Moving beyond: Deepomatic learns how to track multiple objects


What is the Multi-Object Tracking (MOT) system?

How would it be to track the players of your favorite sports team in real time to analyze the game? Or to track and analyze the movement of cells, molecules, and organisms in time-lapse microscopy images? Or to count and follow a herd of animals in a hard to reach area?

These are just some of the many potential uses of Multi-Object Tracking (MOT). Other applications that have sparked an enormous interest include autonomous cars, robot navigation, medical imaging, and security surveillance.

In theory, MOT algorithms are capable of tracking closely-spaced and crossing targets. However, the reality is much more complex. Imagine a crowded environment with similar targets and numerous interactions between said targets such as pedestrians in a city. Some pedestrians may leave or enter the field of view of your camera or just be occluded by a tree, vehicle or building. In addition, they can easily change their appearance, by simply taking off a jacket or looking in another direction. Moreover, pedestrians may simply not be seen by your camera due to noisy images or a too small resolution. Keeping track of them means maintaining the identities among them, a challenging task which Deepomatic has started to tackle!

In this blog post, we want to explore the most interesting aspects and some fundamental elements of MOT algorithms. First, we start with a general overview of MOT algorithms. Then, we dive into their two key components: the observation and dynamic models. Finally, we present a recent scientific paper focusing on the observation model.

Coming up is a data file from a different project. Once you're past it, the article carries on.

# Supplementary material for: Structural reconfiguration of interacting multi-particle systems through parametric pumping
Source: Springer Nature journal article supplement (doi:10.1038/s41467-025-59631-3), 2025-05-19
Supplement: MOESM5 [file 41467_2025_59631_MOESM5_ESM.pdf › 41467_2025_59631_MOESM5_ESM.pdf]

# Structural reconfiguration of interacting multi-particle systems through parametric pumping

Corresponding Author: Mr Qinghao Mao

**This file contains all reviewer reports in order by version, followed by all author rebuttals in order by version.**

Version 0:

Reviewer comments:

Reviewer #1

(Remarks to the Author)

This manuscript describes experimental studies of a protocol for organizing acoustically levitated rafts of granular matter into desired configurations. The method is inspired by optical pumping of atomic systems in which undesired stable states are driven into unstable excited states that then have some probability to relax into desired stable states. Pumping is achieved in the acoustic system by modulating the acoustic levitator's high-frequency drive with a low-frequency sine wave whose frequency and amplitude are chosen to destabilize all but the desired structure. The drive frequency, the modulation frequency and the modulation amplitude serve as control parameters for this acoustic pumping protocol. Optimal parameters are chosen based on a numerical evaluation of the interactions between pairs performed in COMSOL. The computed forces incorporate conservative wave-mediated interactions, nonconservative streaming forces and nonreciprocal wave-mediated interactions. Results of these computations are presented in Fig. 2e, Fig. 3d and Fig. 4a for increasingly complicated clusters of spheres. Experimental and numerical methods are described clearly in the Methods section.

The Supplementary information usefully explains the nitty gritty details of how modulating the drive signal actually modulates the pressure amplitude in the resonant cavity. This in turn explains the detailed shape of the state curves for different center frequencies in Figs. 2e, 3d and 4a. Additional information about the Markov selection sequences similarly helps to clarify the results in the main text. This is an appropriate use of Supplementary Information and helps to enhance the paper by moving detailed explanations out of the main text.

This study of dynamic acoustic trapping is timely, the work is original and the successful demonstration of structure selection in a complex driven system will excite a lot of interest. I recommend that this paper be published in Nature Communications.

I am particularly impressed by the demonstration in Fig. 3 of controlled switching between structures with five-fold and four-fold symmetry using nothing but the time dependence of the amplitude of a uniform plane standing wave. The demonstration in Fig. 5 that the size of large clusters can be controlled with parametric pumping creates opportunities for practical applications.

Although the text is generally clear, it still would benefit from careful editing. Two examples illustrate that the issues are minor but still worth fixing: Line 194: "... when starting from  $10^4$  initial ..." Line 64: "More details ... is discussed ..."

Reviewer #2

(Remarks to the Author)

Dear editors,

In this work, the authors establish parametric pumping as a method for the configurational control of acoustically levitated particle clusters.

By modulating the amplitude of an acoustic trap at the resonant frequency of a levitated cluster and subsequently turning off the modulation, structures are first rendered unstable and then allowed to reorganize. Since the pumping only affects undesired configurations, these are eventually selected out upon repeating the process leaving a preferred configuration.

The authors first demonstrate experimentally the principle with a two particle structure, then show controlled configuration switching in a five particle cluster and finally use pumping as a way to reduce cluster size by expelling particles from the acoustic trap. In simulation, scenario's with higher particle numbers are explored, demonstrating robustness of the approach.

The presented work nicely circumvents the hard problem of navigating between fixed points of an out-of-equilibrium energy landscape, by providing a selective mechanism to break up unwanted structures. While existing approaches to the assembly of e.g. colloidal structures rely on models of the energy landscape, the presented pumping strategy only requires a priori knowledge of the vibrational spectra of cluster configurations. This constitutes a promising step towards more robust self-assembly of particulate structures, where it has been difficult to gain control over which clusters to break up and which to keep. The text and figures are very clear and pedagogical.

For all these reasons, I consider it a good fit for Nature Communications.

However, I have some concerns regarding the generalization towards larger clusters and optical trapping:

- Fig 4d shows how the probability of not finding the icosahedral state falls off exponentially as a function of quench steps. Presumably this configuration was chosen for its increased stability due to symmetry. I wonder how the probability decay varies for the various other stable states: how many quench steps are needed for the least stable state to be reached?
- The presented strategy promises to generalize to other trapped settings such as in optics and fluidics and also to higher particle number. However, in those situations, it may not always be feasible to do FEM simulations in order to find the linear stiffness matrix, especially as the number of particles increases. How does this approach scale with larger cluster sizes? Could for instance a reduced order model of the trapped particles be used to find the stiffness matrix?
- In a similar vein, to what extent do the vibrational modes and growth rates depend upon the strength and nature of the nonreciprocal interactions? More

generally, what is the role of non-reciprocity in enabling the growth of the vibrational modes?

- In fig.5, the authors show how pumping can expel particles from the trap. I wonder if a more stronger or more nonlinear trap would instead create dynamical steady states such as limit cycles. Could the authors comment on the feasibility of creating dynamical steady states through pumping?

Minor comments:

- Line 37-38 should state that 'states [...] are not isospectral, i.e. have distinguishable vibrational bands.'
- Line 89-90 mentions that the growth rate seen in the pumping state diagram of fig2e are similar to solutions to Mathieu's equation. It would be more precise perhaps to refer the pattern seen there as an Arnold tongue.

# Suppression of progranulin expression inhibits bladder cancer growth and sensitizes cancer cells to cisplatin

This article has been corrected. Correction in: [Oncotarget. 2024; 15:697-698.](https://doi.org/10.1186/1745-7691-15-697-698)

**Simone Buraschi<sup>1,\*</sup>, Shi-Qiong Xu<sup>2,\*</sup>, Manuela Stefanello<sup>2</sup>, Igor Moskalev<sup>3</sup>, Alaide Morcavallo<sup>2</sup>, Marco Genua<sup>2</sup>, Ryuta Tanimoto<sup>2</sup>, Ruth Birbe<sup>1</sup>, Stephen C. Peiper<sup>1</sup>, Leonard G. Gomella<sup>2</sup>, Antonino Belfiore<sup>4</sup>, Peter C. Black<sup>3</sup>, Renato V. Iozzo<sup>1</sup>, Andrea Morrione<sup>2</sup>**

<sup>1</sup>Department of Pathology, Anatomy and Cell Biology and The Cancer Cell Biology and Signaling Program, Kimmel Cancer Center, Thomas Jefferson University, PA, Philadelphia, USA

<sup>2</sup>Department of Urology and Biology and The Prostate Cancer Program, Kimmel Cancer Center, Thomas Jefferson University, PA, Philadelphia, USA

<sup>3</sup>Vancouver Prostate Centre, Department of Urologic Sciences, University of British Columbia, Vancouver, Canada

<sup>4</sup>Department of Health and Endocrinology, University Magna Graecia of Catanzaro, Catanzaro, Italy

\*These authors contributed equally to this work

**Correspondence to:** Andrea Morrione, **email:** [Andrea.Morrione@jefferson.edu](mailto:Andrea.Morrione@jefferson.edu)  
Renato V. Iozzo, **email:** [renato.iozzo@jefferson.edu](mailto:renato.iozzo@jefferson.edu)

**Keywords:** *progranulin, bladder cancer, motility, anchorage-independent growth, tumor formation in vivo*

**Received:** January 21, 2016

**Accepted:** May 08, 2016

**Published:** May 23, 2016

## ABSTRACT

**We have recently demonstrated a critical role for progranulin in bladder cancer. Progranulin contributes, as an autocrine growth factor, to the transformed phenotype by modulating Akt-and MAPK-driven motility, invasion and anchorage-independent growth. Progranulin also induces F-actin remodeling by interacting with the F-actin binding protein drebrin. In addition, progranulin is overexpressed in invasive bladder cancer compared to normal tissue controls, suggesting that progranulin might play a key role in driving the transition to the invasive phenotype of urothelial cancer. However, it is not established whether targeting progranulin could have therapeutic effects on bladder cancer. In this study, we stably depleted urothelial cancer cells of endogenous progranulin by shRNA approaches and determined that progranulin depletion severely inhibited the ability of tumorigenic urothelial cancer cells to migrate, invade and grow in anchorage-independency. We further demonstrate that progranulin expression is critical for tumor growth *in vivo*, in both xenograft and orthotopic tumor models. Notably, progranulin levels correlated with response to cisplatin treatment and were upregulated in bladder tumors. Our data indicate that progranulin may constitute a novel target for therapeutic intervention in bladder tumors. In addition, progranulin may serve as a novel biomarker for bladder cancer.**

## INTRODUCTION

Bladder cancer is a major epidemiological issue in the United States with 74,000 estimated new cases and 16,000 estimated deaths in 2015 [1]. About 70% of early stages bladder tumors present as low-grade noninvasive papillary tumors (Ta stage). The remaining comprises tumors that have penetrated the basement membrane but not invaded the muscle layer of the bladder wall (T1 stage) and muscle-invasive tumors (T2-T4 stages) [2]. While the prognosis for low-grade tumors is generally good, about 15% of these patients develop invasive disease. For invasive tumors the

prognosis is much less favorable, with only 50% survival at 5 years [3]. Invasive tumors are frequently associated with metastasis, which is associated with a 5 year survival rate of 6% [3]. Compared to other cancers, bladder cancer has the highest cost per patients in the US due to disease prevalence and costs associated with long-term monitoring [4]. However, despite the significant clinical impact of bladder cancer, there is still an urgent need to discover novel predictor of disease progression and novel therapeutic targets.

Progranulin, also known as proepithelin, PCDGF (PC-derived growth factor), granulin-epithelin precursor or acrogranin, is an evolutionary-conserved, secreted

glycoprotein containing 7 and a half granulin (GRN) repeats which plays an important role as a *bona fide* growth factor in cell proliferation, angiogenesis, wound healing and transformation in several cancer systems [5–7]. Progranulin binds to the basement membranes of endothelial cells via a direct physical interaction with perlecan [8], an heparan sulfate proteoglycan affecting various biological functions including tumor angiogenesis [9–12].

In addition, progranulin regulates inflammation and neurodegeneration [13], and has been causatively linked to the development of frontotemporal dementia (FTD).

MOT algorithms

MOT algorithms can be roughly classified into two distinctive groups: detection free and detection based tracking [1]. The first group does not rely on an object detector to provide target detections, while the second one does.

The main advantage of the first approach is the independence of the detector type and its performances. This allows a general application of the tracker to any kind of object (people, animals, cars, cells, etc.). Conversely, the detection based tracking or “tracking-by-detection” approach is mostly specialized in tracking one given object. What the latter group lacks in generality, it makes up for in practicality in real-life applications. This tends to be the most popular approach for two main reasons. First, new objects are discovered and disappearing objects are terminated automatically. Secondly, object detection has witnessed huge improvements in recent years.

Each MOT algorithm consists of two primary components:

  1. An observation model. It measures the similarity between tracked objects in past frames and detected targets in a new frame through appearance, motion, and interaction cues.
  2. A dynamic model — this receives the similarity matrix from the observation model as input, and studies the behaviour of tracked objects over time (appearance / disappearance of certain entities, tracking over time of the others).

Finding similarities: the observation model


The appearance model describes the visual representation of an object and computes the similarity between two observations at different times. Even though it is an important cue for affinity calculations, it is not necessarily sufficient to discriminate between different observations. A typical case would be two pedestrians with similar clothing in different locations in consecutive frames.


The motion model describes how an object is moving: a pedestrian can be static (e.g., standing at a traffic light), walking with constant speed in a given direction or walking around a corner, accelerating or decelerating. The model can hence predict the possible positions of a pedestrian in the future frames, helping to distinguish between similar appearances, but does not take into account influences of other objects.


The interaction model reproduces the influences between different objects. For instance, a pedestrian in a group would follow the group movement, or a singular pedestrian would adapt his speed or trajectory in order to avoid collision with others.